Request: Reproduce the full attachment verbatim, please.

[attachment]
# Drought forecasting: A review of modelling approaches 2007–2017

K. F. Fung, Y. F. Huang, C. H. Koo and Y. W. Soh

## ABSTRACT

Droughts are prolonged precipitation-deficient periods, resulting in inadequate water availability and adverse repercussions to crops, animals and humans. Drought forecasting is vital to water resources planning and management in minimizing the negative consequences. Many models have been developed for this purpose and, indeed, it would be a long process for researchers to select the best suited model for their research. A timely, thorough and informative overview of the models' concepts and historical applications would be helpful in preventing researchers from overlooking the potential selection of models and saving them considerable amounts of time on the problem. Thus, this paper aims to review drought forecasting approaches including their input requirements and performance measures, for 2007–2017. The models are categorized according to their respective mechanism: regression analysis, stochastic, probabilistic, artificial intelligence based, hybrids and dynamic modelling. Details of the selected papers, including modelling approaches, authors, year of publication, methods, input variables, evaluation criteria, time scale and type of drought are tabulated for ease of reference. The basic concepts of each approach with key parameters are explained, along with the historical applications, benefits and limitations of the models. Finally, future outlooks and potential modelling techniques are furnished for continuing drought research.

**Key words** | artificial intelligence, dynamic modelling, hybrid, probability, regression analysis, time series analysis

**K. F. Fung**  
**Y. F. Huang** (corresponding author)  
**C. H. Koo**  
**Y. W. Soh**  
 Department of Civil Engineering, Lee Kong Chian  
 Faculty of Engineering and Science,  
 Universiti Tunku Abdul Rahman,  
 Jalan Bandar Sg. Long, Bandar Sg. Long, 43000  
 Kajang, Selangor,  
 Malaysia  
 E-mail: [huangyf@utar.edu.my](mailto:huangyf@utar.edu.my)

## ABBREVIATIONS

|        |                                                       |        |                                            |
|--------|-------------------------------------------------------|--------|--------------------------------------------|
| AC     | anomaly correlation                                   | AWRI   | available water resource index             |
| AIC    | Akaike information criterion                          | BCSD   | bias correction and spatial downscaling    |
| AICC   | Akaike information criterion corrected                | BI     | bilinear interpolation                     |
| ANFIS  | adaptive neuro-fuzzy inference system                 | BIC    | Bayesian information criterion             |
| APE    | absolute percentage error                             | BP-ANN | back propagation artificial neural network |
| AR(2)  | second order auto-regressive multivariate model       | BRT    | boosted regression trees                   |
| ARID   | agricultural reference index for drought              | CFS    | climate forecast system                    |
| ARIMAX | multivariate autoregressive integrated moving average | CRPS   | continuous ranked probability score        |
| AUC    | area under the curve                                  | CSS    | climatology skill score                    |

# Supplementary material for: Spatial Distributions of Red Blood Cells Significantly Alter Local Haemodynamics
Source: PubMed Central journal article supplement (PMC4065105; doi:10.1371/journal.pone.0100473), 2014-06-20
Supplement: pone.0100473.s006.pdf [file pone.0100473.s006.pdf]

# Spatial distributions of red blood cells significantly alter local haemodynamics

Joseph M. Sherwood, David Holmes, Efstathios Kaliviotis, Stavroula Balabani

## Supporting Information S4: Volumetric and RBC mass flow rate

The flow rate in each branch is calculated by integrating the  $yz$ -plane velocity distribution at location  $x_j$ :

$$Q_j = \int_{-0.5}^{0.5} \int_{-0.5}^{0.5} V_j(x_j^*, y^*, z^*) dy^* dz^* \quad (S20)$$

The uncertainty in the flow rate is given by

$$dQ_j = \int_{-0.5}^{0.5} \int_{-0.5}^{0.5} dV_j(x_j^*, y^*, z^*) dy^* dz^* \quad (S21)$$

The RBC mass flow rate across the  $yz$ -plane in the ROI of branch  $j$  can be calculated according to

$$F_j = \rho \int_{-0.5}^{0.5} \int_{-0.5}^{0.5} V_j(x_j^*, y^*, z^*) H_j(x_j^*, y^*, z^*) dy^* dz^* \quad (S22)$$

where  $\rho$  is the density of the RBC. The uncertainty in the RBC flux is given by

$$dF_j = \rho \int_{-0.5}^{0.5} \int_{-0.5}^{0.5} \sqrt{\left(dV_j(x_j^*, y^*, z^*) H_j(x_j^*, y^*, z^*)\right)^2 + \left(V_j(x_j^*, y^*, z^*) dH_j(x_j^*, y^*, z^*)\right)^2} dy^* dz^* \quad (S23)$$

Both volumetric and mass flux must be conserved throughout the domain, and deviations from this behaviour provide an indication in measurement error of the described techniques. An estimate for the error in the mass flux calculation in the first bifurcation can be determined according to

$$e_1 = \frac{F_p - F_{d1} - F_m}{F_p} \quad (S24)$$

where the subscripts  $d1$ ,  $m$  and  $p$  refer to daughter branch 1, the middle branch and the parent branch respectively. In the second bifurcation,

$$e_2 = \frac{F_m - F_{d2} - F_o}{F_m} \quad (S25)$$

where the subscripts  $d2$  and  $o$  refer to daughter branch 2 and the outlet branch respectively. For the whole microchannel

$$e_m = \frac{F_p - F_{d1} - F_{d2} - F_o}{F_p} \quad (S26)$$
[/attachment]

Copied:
# Drought forecasting: A review of modelling approaches 2007–2017

K. F. Fung, Y. F. Huang, C. H. Koo and Y. W. Soh

## ABSTRACT

Droughts are prolonged precipitation-deficient periods, resulting in inadequate water availability and adverse repercussions to crops, animals and humans. Drought forecasting is vital to water resources planning and management in minimizing the negative consequences. Many models have been developed for this purpose and, indeed, it would be a long process for researchers to select the best suited model for their research. A timely, thorough and informative overview of the models' concepts and historical applications would be helpful in preventing researchers from overlooking the potential selection of models and saving them considerable amounts of time on the problem. Thus, this paper aims to review drought forecasting approaches including their input requirements and performance measures, for 2007–2017. The models are categorized according to their respective mechanism: regression analysis, stochastic, probabilistic, artificial intelligence based, hybrids and dynamic modelling. Details of the selected papers, including modelling approaches, authors, year of publication, methods, input variables, evaluation criteria, time scale and type of drought are tabulated for ease of reference. The basic concepts of each approach with key parameters are explained, along with the historical applications, benefits and limitations of the models. Finally, future outlooks and potential modelling techniques are furnished for continuing drought research.

**Key words** | artificial intelligence, dynamic modelling, hybrid, probability, regression analysis, time series analysis

**K. F. Fung**  
**Y. F. Huang** (corresponding author)  
**C. H. Koo**  
**Y. W. Soh**  
 Department of Civil Engineering, Lee Kong Chian  
 Faculty of Engineering and Science,  
 Universiti Tunku Abdul Rahman,  
 Jalan Bandar Sg. Long, Bandar Sg. Long, 43000  
 Kajang, Selangor,  
 Malaysia  
 E-mail: [huangyf@utar.edu.my](mailto:huangyf@utar.edu.my)

## ABBREVIATIONS

|        |                                                       |        |                                            |
|--------|-------------------------------------------------------|--------|--------------------------------------------|
| AC     | anomaly correlation                                   | AWRI   | available water resource index             |
| AIC    | Akaike information criterion                          | BCSD   | bias correction and spatial downscaling    |
| AICC   | Akaike information criterion corrected                | BI     | bilinear interpolation                     |
| ANFIS  | adaptive neuro-fuzzy inference system                 | BIC    | Bayesian information criterion             |
| APE    | absolute percentage error                             | BP-ANN | back propagation artificial neural network |
| AR(2)  | second order auto-regressive multivariate model       | BRT    | boosted regression trees                   |
| ARID   | agricultural reference index for drought              | CFS    | climate forecast system                    |
| ARIMAX | multivariate autoregressive integrated moving average | CRPS   | continuous ranked probability score        |
| AUC    | area under the curve                                  | CSS    | climatology skill score                    |

# Supplementary material for: Spatial Distributions of Red Blood Cells Significantly Alter Local Haemodynamics
Source: PubMed Central journal article supplement (PMC4065105; doi:10.1371/journal.pone.0100473), 2014-06-20
Supplement: pone.0100473.s006.pdf [file pone.0100473.s006.pdf]

# Spatial distributions of red blood cells significantly alter local haemodynamics

Joseph M. Sherwood, David Holmes, Efstathios Kaliviotis, Stavroula Balabani

## Supporting Information S4: Volumetric and RBC mass flow rate

The flow rate in each branch is calculated by integrating the  $yz$ -plane velocity distribution at location  $x_j$ :

$$Q_j = \int_{-0.5}^{0.5} \int_{-0.5}^{0.5} V_j(x_j^*, y^*, z^*) dy^* dz^* \quad (S20)$$

The uncertainty in the flow rate is given by

$$dQ_j = \int_{-0.5}^{0.5} \int_{-0.5}^{0.5} dV_j(x_j^*, y^*, z^*) dy^* dz^* \quad (S21)$$

The RBC mass flow rate across the  $yz$ -plane in the ROI of branch  $j$  can be calculated according to

$$F_j = \rho \int_{-0.5}^{0.5} \int_{-0.5}^{0.5} V_j(x_j^*, y^*, z^*) H_j(x_j^*, y^*, z^*) dy^* dz^* \quad (S22)$$

where  $\rho$  is the density of the RBC. The uncertainty in the RBC flux is given by

$$dF_j = \rho \int_{-0.5}^{0.5} \int_{-0.5}^{0.5} \sqrt{\left(dV_j(x_j^*, y^*, z^*) H_j(x_j^*, y^*, z^*)\right)^2 + \left(V_j(x_j^*, y^*, z^*) dH_j(x_j^*, y^*, z^*)\right)^2} dy^* dz^* \quad (S23)$$

Both volumetric and mass flux must be conserved throughout the domain, and deviations from this behaviour provide an indication in measurement error of the described techniques. An estimate for the error in the mass flux calculation in the first bifurcation can be determined according to

$$e_1 = \frac{F_p - F_{d1} - F_m}{F_p} \quad (S24)$$

where the subscripts  $d1$ ,  $m$  and  $p$  refer to daughter branch 1, the middle branch and the parent branch respectively. In the second bifurcation,

$$e_2 = \frac{F_m - F_{d2} - F_o}{F_m} \quad (S25)$$

where the subscripts  $d2$  and  $o$  refer to daughter branch 2 and the outlet branch respectively. For the whole microchannel

$$e_m = \frac{F_p - F_{d1} - F_{d2} - F_o}{F_p} \quad (S26)$$